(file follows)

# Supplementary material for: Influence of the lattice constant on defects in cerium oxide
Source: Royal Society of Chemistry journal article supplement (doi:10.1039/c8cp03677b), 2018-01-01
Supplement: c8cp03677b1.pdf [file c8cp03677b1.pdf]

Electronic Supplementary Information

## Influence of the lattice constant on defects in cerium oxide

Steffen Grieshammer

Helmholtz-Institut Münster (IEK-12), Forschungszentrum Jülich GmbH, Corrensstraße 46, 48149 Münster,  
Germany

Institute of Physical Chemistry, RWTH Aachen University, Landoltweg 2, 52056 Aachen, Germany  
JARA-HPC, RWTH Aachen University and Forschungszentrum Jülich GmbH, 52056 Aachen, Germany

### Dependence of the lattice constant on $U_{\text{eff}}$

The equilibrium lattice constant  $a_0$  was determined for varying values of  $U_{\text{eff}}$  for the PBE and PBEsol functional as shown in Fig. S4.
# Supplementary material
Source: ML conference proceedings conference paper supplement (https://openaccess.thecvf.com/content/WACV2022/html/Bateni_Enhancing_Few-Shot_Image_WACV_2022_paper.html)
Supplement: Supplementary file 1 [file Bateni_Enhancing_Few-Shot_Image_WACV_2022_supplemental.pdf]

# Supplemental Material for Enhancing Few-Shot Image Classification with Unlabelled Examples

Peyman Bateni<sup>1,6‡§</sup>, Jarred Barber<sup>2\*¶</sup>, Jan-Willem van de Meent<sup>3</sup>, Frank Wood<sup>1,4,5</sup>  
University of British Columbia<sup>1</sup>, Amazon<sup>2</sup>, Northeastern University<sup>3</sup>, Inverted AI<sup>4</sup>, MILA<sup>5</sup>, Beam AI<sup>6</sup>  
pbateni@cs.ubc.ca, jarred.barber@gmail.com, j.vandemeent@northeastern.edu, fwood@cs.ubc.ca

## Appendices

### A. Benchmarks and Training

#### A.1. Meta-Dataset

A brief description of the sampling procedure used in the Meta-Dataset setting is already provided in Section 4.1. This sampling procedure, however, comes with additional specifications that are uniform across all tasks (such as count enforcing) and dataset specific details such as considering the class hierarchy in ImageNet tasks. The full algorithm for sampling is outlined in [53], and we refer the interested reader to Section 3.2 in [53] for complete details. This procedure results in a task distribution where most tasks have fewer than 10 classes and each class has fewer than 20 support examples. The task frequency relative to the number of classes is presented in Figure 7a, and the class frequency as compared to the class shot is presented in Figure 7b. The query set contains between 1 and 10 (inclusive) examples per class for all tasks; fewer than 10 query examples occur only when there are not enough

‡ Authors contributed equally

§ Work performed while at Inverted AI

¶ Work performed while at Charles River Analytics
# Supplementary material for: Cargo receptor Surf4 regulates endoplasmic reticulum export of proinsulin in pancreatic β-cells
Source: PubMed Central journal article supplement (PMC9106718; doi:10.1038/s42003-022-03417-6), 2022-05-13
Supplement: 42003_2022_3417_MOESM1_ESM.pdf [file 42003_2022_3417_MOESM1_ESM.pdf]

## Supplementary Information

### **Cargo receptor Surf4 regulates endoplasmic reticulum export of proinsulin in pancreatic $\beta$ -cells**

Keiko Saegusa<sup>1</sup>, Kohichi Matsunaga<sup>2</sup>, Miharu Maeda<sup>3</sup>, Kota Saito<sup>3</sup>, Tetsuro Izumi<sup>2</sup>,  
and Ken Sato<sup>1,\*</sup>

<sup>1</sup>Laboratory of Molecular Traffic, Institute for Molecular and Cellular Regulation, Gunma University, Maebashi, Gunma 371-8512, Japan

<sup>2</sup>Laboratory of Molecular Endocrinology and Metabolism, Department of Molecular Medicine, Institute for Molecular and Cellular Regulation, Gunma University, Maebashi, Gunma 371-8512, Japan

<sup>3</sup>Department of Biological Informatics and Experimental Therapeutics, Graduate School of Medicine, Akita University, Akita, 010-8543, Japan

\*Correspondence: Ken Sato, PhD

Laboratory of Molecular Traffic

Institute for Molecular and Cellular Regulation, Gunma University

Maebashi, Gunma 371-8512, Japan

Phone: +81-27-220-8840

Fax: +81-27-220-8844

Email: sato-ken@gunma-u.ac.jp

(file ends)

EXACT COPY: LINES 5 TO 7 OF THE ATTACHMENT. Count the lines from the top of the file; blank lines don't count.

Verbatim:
## Influence of the lattice constant on defects in cerium oxide

Steffen Grieshammer

Helmholtz-Institut Münster (IEK-12), Forschungszentrum Jülich GmbH, Corrensstraße 46, 48149 Münster,  